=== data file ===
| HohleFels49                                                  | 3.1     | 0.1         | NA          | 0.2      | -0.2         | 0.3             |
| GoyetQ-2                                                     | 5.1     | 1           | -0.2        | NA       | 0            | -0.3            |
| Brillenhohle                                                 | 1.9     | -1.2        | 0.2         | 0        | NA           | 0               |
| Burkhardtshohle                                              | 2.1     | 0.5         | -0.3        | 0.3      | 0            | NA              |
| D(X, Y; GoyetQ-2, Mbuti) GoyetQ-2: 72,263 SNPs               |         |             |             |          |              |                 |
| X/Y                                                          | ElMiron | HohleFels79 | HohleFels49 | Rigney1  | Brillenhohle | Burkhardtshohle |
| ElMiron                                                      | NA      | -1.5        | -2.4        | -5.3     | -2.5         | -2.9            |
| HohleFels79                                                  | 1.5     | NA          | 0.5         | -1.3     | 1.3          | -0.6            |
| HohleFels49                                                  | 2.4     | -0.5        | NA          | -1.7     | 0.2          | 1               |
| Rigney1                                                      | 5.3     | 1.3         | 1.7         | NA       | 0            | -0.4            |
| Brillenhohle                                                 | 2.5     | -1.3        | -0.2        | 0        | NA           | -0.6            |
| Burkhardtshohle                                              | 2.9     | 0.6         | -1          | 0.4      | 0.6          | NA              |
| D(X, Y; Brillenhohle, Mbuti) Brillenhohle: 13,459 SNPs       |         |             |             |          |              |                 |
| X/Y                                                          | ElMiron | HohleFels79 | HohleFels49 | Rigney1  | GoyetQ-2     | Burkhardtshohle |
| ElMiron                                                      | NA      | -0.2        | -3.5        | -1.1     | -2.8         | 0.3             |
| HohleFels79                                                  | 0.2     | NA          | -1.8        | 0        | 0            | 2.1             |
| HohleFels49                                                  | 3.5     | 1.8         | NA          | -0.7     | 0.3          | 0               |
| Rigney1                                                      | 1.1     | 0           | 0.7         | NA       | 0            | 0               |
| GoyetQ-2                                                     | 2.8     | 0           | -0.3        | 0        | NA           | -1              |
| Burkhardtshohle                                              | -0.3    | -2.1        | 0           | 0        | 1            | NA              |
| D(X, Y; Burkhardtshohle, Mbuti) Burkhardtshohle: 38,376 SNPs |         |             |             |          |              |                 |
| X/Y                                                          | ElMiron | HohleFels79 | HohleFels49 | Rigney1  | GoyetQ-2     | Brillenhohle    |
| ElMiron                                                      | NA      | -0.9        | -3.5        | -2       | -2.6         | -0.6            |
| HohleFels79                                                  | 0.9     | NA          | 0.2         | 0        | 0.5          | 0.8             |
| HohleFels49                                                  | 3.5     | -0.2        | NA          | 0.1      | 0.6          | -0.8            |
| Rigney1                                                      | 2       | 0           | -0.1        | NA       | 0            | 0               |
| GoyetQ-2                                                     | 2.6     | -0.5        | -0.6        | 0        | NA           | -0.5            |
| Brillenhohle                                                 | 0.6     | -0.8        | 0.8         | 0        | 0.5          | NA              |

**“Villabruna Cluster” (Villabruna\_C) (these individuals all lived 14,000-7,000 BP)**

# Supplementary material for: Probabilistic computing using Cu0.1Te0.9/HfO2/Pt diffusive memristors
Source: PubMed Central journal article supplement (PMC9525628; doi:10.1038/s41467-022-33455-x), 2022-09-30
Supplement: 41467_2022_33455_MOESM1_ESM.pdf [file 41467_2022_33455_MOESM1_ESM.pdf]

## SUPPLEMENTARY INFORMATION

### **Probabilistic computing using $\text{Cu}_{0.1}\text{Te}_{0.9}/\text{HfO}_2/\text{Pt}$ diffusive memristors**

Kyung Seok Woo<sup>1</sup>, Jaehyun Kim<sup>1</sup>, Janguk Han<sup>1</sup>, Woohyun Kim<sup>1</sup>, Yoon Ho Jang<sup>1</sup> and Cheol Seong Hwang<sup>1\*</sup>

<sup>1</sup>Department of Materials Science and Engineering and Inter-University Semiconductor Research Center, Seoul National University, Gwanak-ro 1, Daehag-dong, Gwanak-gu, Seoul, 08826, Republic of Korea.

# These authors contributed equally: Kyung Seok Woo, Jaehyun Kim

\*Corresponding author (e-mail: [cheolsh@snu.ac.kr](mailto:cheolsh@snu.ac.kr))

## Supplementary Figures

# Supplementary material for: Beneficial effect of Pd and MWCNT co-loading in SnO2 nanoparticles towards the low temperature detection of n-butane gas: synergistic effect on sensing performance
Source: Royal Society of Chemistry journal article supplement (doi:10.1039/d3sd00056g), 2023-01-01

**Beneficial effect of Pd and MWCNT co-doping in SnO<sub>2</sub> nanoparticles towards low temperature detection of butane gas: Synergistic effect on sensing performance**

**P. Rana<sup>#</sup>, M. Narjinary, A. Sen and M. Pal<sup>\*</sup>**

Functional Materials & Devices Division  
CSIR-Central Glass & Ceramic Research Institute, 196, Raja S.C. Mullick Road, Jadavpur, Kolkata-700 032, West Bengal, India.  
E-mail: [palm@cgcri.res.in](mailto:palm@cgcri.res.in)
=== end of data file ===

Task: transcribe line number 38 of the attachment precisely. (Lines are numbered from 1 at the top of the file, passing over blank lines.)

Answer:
\*Corresponding author (e-mail: [cheolsh@snu.ac.kr](mailto:cheolsh@snu.ac.kr))